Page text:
Reading Romans in Pompeii: Paul’s letter at ground level
SPCK £14.99 (978-0-281-05931-7)
Church Times Bookshop £13.50
AN EARLIER book by Peter Oakes introduced
the reader to the very ordinary Christians of Philippi, the recipients of one of Paul’s letters. Now he introduces us to a rag-tag-and-bobtail house church — or, rather, tenement church — in Rome, via such a group in Pompeii.
After several seasons of work at Pompeii, he uses detailed knowledge of houses and artefacts to construct a variety of non-élite personalities, ranging from the leader of the house church, a cabinet-maker, to two slaves, one a bath-stoker, the other a barmaid (presumed, like all female slaves, to be sexually exploited). By the end, the reader knows them like friends, and the tensions and worries through which they battle for survival.
The scene transfers to Rome, where higher prices would have made conditions even worse for these non-élite personalities than at Pompeii. Once we have got to know them, the author helps us to read Romans as they would have heard it, stressing how it (and especially Romans 12) undermines one after another of the accepted prejudices and assumptions of such a group: how the barmaid would have seen the constant reference to bodily experience; how the struggling stone-worker would have reacted to the encouragement to endurance; how the cabinet-maker would have read such a preoccupation with Jews — for the normal Gentile attitude to Judaism was at best a vaguely tolerant contempt; and how all of them would have been struck by the hope of justice and of resurrection from their stressful existence to a new life. They were heirs, children of God, free, entitled to some self-respect! Perhaps most striking and exciting of all, against the background of Roman religion, would it have been for them to be addressed as “holy”.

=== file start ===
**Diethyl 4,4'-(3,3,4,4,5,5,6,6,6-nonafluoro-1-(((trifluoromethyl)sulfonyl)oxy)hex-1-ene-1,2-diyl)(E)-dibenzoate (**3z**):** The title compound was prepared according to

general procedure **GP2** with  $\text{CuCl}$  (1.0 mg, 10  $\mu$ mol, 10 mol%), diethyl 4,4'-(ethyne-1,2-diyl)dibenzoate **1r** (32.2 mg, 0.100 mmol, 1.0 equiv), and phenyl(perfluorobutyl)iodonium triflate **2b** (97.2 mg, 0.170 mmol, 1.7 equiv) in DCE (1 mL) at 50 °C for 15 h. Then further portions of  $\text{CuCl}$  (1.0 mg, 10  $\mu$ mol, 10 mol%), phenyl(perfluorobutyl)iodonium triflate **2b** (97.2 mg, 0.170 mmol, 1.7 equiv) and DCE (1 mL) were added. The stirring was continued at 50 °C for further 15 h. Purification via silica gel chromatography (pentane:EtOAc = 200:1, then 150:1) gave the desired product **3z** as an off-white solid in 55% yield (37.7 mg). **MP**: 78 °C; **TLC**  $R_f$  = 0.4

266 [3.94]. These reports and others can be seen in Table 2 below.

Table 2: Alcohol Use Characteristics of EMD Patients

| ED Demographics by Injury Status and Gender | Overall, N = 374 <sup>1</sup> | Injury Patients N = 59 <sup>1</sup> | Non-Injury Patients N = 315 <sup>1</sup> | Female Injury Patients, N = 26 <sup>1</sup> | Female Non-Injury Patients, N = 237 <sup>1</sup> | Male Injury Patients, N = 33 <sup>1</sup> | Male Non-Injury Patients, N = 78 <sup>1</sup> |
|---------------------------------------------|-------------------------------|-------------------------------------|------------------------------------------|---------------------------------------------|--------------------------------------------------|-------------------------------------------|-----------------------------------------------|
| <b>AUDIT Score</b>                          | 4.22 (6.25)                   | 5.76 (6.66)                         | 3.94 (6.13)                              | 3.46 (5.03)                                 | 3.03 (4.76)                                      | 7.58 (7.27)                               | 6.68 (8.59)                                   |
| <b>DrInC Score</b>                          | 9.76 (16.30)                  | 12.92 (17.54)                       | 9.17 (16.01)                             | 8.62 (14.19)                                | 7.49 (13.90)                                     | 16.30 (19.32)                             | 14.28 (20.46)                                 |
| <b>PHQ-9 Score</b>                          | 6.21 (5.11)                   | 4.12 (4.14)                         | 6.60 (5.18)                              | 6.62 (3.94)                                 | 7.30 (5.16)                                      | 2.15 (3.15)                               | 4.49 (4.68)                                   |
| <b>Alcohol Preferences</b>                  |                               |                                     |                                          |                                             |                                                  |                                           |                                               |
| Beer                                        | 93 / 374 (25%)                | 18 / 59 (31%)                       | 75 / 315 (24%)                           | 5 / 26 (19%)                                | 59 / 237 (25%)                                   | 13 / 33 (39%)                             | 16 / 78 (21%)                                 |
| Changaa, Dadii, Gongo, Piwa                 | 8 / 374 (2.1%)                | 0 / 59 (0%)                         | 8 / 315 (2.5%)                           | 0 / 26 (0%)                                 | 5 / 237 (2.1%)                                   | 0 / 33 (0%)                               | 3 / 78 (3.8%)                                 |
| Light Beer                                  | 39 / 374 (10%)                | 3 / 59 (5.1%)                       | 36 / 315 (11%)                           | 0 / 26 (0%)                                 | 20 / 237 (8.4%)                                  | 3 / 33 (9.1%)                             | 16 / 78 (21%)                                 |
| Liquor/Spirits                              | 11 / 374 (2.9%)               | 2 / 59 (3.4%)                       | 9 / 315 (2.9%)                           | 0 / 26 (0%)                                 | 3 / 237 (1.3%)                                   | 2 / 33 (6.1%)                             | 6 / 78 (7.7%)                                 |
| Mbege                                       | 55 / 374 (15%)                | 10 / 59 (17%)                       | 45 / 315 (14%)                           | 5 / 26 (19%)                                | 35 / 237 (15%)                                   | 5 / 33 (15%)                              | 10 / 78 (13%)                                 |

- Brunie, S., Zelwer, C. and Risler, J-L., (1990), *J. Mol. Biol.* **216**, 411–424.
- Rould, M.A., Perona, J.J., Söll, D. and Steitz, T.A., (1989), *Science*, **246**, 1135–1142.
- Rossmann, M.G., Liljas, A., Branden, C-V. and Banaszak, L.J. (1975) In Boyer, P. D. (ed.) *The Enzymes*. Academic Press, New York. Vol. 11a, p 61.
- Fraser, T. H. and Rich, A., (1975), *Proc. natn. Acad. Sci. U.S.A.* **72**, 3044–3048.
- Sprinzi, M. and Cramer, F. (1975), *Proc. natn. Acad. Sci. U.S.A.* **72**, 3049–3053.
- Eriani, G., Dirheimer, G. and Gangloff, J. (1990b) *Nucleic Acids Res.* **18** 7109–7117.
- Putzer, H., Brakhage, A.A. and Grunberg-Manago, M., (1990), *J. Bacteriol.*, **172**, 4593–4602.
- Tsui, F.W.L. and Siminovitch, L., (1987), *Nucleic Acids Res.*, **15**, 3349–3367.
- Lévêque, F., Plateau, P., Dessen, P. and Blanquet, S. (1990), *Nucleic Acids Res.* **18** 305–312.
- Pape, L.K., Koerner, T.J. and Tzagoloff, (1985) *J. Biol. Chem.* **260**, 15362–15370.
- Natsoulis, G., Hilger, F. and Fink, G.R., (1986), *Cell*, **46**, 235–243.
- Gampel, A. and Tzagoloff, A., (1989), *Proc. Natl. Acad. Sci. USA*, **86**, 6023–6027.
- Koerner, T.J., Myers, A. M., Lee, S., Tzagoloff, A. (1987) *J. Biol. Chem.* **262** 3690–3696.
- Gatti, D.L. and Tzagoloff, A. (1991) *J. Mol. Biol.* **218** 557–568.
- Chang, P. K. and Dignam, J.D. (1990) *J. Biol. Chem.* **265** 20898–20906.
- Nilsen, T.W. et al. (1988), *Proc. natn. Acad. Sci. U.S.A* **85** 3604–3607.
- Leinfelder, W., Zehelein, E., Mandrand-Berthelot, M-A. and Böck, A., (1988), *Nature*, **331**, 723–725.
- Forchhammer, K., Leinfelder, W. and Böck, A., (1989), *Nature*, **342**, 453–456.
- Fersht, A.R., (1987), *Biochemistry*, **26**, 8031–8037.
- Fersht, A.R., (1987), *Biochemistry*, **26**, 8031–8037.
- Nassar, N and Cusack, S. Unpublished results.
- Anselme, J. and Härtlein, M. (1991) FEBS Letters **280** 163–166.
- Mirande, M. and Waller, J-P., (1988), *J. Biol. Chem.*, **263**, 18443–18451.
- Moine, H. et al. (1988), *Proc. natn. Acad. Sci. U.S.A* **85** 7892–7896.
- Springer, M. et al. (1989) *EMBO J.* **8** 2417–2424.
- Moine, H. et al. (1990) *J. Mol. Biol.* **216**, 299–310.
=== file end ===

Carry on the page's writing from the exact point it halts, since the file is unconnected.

One complicated statistical chapter is devoted to an excessively detailed reconstruction of the hypothetical community of this tenement church. The reading is also skewed by the absence of Jews from this Roman group. But we who normally assume that the audience of Paul’s letters was a comfortable and leisured middle-class group of academics cannot fail to be gripped and enlightened by having our noses rubbed in the smells experienced by the Christian slaves of Pompeii.
Fr Wansbrough OSB is a monk of Ampleforth, emeritus Master of St Benet’s Hall, Oxford, and a member of the Pope’s Biblical Commission.
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